But good works must also go before man's final justification, otherwise man can perform no good works at all: in that sense, they may be considered as a qualification, preparatory to an event.* Without opposing, therefore, what I conceive to be the sense of those great men, to whose authority you appeal, I decidedly protest against the conclusion you have drawn from them. ++ There is no protestant but believes faith, repentance, and universal obedience, are necessary to the obtaining God's favour, and eternal happiness. This being granted, the rest is but a speculative controversy, a question about words, which would quickly vanish, but that men affect not to understand one aother. There is no protestant but requires to justification, remission of sins; and to remission of sins, they all require repentance; and repentance, I presume, may not be denied the name of a good work, being indeed, if rightly understood, and according to the sense of the word in scripture, an effectual conversion from all sin to all holiness. They have great reason to believe the doctrine of justification by faith only, as a point of great weight and importance, if it be rightly understood; that is, they have reason to esteem it a principal and necessary duty of a Christian, to place his hope of justification and salvation, not in the perfection of his own righteousness, which, if it be imperfect, will not justify, (I should rather say, not in his own righteousness, which, being imperfect, cannot justify) but only in the mercies of God, through Christ's satisfaction; and yet, notwithstanding this, nay the * Vindiciæ, e. vi. p. 314. † See Chillingworth, fol. p. 32, 33.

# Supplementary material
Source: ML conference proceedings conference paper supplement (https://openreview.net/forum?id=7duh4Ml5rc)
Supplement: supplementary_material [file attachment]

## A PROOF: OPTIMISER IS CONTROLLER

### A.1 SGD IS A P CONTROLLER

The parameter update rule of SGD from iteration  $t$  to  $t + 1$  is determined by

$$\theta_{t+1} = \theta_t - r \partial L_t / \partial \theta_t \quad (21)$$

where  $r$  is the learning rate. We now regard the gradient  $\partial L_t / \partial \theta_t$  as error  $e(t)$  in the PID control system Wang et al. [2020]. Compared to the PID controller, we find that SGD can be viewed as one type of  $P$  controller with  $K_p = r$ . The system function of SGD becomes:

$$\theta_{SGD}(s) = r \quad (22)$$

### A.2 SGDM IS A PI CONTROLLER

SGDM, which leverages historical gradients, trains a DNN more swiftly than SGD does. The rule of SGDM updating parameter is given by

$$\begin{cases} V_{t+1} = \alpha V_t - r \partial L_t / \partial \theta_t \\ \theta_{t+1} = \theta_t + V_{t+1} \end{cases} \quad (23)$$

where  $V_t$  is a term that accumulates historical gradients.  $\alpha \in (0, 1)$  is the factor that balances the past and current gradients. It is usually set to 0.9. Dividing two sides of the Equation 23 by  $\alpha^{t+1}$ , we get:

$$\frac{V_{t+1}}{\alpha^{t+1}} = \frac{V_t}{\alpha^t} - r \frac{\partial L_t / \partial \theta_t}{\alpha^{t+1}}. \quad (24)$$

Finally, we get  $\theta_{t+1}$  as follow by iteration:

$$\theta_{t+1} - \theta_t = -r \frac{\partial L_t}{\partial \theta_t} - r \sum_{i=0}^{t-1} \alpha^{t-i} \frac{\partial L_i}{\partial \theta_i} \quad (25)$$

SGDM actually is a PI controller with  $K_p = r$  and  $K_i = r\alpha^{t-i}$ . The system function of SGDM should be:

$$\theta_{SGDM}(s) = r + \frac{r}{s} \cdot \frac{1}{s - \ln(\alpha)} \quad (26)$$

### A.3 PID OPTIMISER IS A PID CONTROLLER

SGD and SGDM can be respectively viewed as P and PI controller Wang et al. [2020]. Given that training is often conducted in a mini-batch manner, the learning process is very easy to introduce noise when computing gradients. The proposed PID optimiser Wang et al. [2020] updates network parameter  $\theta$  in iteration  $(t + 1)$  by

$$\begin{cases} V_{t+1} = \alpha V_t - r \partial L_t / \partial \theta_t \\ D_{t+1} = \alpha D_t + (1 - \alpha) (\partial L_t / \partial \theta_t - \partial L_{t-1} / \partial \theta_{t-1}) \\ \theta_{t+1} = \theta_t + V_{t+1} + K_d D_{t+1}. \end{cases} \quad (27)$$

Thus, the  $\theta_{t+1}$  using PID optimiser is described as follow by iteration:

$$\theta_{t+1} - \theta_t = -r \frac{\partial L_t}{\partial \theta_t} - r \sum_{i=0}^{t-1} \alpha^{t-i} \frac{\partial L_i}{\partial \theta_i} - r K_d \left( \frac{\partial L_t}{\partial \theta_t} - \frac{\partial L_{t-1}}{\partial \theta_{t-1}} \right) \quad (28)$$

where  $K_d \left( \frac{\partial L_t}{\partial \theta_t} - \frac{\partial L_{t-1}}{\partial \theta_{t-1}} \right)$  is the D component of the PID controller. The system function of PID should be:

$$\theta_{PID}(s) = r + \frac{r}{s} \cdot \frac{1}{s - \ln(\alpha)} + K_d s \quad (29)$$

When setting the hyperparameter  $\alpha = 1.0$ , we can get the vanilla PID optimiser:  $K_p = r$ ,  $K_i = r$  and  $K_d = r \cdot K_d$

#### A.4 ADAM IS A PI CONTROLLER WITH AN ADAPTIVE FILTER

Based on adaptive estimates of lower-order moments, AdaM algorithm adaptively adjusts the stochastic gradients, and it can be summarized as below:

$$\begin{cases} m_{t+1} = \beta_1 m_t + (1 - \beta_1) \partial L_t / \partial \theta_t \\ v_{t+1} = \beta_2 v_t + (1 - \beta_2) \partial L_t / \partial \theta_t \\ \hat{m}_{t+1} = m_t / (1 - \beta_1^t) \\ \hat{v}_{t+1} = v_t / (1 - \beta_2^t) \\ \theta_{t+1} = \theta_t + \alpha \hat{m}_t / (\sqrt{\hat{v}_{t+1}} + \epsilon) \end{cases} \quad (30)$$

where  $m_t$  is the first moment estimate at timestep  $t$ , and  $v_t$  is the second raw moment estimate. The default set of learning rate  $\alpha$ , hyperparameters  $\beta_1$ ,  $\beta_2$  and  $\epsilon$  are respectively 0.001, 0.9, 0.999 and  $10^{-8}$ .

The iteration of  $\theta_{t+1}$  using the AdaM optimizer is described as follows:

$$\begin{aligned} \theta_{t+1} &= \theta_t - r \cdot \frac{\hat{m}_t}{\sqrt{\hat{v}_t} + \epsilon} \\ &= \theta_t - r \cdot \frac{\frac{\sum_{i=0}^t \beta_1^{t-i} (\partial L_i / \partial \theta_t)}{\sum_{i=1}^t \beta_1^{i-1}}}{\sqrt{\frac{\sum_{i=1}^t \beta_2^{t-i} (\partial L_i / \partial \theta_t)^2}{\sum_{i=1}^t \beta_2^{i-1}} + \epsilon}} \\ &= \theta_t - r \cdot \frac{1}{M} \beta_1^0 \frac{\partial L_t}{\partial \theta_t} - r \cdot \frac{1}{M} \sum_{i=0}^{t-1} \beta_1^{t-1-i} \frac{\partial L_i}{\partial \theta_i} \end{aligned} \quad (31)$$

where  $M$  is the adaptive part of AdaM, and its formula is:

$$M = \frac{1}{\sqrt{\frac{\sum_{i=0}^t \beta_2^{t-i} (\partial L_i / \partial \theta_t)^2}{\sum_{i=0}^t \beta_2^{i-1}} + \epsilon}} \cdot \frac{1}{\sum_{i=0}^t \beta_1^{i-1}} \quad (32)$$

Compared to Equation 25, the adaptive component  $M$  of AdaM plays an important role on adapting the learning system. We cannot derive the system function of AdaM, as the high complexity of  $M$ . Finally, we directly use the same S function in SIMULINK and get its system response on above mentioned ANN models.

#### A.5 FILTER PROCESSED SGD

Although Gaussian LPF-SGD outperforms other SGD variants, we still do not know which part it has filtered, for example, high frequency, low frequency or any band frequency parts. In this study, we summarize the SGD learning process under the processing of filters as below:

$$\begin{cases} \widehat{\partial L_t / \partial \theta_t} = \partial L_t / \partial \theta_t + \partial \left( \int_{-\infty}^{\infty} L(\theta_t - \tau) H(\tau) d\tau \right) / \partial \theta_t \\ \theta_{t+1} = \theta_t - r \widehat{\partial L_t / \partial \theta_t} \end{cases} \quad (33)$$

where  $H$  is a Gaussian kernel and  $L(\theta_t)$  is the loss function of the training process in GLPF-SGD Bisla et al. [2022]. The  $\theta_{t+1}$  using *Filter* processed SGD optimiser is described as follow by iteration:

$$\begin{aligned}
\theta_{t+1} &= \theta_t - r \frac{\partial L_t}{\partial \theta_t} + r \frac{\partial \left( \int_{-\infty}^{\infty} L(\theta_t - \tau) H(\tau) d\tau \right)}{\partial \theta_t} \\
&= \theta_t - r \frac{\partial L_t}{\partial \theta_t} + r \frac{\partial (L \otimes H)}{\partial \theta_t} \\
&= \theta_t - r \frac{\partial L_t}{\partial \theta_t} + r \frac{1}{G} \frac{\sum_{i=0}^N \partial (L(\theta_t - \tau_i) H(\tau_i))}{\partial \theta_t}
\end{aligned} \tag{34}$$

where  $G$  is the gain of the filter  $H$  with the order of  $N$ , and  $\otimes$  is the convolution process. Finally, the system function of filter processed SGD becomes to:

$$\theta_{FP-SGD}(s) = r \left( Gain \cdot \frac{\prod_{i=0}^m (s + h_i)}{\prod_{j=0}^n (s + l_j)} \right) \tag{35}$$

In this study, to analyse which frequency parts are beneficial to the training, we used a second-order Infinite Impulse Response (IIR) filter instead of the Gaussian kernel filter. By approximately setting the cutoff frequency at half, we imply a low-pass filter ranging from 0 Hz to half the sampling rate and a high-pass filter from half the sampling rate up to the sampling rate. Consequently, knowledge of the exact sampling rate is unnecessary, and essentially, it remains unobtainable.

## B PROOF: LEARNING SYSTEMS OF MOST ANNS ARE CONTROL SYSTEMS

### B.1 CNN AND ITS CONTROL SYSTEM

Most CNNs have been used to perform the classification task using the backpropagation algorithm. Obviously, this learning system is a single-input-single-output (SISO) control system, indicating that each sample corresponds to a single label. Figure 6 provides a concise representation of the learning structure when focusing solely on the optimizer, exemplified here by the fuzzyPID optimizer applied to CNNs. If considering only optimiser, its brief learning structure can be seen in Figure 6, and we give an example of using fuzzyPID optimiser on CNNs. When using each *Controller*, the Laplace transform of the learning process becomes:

rather for this, may preserve themselves in the right temper of good Christians, which is a happy mixture and sweet composition of confidence and fear. If this doctrine be otherwise expounded, I will not undertake the justification of it; only I will say, that I never knew any protestant such a solifidian, but that he did believe these Divine truths-That he must make his calling certain by good works; that he must work out his salvation with fear and trembling ;— -and that while he does not so, he can have no well-grounded hope of salvation. I say, I never met with any one, who did not believe these Divine truths; and that with a more firm and with a more unshaken assent, than he does that himself is predestinate; and that he is justified, by believing himself justified. I never met with any such who, if he saw there was a necessity to do either, would not rather forego his belief of these doctrines than the former: these which he sees disputed, and contradicted, and opposed with a great multitude of very potent arguments; than those which, being the words of scripture, whosoever should call in question, could not with any modesty pretend to the title of Christian."